He said Maulvi Rahimullah, who was allegedly responsible for the media, publication department and Internet services for a Taliban shura, or council, based in Peshawar, Pakistan, had been detained. Rahimullah, who was from the Pachir Wagam district of eastern Nangarhar province, also was a member of that shura, Mashal said.
According to Mashal, he also went by the alias Azrat Bilal and was reportedly the Taliban deputy shadow governor of Nangarhar in charge of recruiting in four eastern Afghan provinces. The third man arrested was identified as a suspected weapons supplier named Maulvi Sabor who was arrested in Balkh province.
Mashal said all the arrests occurred in areas where the international military coalition has transferred responsibility for security to Afghan forces. Two provinces and five provincial capitals were turned over to government forces earlier this month, part of a gradual handover of responsibility that will lead to full Afghan control by the end of 2014, when foreign combat troops are to leave the country.
"This is a good achievement for Afghan forces in these area, and a loss for the enemies who are trying to attack in those places where the transition of forces is taking place," Mashal said.
But violence continued around the country unabated.
Insurgents killed seven Afghan soldiers and a translator alongside two NATO service members in a bombing and ambush Friday in eastern Paktia province, according to the deputy provincial governor Abdul Rahman Mangal. He said the group was on patrol in the Zurmat district.
Police acting on tips in Kunar province also intercepted six would-be suicide bombers who local residents said were on their way to conduct an attack in the provincial capital of Asadabad, said Wasifullah Wasify. The provincial spokesman said one attacker blew himself up outside the vehicle on a road in Khas Kunar district, injuring one policeman. Police shot and killed two attackers and arrested two others, but one escaped, he said.

Pakistan puts travel curbs on US diplomats

Pakistan has placed new travel restrictions on American diplomats living in the country, a U.S. official said Saturday, in the latest sign of the breakdown in ties between Islamabad and Washington since the U.S. raid that killed Osama bin Laden.
Pakistan reacted furiously to the May 2 bin Laden raid deep inside the country because it was carried out with no warning to authorities in Islamabad. The fallout battered an already frayed relationship seen as key to the fight against al-Qaida and Washington's hopes of reaching a settlement in Afghanistan and withdrawing troops.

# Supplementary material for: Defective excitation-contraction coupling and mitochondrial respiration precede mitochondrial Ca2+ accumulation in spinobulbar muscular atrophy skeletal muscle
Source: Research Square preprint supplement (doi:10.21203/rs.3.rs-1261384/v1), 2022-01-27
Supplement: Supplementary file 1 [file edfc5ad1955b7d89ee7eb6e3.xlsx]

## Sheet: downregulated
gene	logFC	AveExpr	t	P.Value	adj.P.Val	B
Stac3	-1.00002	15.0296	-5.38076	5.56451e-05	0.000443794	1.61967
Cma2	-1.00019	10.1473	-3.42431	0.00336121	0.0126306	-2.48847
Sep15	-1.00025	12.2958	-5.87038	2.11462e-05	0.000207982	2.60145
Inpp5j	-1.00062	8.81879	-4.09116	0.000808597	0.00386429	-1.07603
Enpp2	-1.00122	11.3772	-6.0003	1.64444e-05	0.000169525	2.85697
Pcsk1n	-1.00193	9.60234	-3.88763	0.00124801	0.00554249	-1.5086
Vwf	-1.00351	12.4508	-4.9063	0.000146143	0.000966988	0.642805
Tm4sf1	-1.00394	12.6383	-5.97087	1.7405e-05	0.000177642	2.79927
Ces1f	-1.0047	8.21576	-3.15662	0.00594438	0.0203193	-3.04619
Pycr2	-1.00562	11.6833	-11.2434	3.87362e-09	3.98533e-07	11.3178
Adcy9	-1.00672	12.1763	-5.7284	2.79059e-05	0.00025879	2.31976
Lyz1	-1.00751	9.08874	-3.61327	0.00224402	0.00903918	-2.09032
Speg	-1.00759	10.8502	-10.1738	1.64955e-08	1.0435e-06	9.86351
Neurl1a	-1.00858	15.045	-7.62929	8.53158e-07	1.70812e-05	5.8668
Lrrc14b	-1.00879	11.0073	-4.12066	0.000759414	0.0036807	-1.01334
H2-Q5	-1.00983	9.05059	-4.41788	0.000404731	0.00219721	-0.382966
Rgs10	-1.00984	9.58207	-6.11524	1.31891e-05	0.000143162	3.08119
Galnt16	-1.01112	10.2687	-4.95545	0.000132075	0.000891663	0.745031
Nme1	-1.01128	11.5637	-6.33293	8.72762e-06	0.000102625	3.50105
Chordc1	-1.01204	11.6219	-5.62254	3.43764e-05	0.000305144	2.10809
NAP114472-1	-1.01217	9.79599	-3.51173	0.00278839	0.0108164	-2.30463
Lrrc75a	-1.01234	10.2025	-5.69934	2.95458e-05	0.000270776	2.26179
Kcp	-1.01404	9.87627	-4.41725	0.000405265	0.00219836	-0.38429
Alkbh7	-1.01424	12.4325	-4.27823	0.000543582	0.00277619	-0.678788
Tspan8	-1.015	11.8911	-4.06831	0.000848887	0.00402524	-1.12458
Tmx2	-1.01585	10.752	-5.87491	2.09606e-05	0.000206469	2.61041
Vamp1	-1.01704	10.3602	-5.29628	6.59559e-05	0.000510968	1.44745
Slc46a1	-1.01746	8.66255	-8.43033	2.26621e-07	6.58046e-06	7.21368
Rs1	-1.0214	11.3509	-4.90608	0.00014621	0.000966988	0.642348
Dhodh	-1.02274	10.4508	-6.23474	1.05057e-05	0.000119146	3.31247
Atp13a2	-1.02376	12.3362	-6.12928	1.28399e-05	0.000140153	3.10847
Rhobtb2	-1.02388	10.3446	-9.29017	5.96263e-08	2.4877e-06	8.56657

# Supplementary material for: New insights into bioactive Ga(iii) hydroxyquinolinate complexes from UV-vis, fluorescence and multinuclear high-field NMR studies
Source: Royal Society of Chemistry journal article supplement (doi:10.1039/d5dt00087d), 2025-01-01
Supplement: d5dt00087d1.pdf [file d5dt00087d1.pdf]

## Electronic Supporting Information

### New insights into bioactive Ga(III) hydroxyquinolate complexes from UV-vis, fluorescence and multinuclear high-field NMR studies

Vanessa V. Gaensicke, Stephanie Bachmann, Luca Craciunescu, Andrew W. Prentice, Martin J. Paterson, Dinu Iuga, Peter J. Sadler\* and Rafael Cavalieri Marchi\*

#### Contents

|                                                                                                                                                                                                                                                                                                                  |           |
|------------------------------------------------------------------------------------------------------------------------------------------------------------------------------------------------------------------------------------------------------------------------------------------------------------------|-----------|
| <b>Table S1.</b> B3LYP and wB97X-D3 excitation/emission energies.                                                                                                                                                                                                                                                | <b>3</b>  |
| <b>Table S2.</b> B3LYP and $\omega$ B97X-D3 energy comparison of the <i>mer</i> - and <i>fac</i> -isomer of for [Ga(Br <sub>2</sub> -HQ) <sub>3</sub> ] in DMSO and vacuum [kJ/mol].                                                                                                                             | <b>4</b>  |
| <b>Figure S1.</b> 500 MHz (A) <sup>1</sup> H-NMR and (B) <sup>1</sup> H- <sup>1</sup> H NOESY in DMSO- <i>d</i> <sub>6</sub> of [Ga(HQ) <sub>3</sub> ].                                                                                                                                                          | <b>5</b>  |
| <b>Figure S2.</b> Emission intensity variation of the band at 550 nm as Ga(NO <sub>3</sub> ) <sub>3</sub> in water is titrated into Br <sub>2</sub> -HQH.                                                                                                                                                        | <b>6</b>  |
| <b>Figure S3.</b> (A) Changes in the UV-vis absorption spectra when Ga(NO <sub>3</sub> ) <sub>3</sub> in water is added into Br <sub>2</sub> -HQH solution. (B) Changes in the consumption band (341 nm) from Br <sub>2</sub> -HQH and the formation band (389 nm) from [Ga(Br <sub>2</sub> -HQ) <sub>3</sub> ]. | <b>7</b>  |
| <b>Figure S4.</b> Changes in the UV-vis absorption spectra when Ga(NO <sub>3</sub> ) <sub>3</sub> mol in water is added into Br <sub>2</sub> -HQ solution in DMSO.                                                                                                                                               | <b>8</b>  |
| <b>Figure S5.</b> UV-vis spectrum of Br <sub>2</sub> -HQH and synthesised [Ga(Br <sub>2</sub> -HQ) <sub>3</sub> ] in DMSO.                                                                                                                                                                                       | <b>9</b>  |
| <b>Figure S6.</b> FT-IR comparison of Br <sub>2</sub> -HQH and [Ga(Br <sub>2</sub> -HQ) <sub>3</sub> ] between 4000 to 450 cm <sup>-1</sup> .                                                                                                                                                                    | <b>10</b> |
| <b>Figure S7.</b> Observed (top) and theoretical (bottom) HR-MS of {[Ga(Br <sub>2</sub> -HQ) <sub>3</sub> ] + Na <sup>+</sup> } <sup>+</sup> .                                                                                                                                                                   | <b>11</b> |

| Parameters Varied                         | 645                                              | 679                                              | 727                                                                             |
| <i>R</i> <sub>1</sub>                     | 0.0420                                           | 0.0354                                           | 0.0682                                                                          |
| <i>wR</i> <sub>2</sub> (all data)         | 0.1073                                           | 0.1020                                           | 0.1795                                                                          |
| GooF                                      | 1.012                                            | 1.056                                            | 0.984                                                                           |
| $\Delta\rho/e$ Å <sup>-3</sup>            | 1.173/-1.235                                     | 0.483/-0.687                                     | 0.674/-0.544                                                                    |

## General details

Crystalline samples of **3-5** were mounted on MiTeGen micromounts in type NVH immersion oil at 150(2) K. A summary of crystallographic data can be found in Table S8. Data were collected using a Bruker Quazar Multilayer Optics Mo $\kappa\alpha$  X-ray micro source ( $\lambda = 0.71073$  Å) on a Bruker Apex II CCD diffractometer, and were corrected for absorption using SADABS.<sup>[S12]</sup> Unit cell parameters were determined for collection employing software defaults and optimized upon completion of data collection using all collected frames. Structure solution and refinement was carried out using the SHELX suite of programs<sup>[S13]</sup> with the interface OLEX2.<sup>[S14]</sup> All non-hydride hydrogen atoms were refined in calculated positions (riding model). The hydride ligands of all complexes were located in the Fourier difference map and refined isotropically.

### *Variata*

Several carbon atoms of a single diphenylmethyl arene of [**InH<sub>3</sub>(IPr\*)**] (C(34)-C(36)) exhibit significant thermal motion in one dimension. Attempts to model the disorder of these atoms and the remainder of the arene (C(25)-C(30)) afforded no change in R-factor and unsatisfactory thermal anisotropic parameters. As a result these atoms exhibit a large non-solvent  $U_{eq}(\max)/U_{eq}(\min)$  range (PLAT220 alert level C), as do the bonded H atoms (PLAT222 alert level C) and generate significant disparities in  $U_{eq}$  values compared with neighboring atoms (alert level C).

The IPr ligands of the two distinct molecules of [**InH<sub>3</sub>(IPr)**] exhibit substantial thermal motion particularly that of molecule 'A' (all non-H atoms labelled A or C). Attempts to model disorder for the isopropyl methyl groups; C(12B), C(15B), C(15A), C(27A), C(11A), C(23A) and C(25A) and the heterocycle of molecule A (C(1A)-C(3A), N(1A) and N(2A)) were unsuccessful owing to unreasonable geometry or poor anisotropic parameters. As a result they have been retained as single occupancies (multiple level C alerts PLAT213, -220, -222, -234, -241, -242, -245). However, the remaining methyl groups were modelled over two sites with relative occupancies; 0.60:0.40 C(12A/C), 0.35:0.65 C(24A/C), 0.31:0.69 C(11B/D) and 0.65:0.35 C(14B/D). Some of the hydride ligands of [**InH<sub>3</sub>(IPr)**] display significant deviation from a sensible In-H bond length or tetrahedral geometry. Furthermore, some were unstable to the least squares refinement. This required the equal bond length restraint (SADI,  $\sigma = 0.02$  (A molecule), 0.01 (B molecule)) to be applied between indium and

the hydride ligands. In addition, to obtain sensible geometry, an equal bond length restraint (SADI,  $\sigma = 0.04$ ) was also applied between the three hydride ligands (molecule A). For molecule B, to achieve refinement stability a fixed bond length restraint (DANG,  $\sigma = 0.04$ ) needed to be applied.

Islamabad sent home at least 90 U.S. soldiers training Pakistani troops in counterinsurgency and severely cut back on intelligence cooperation. The Obama administration, which took office pledging to strengthen ties with Islamabad, announced it was cutting more than one-third of its military aid to the country.
While Washington's large civilian aid program has been unaffected, the move to restrict diplomats' movements adds a new irritant to the relationship and suggests military-to-military tensions are bleeding into the civilian sphere.
A letter from the Foreign Ministry sent to the American Embassy last month states that all of its diplomats must now apply for special permission to leave the capital five days in advance of travel, including visits to cities where America has consulates.
Such curbs appear to be an unusual step between friendly states. The 1961 Vienna Convention on Diplomatic Relations requires host states to allow foreign diplomats "freedom of movement" in the country except for restricted areas. Other foreigners living in Pakistan are free to travel around most of the country.
There are ways, however, to restrict the movement of diplomats without violating the convention.
The letter, dated June 13, was obtained by The Associated Press on Saturday. The AP obtained a second letter dated this month from the Civil Aviation Authority to security officers at Benazir Bhutto International Airport instructing them to carry out the Foreign Ministry order.
A U.S. official confirmed the new restrictions and said the embassy was working with the government to resolve the issue. He did not give his name because of the sensitivity of the relationship at present.
In Washington, the U.S. State Department said it was concerned about the restrictions and in a statement called on Pakistan "to ensure freedom of travel to diplomatic personnel."
It was unclear if other foreign missions in Islamabad had also received a similar notice.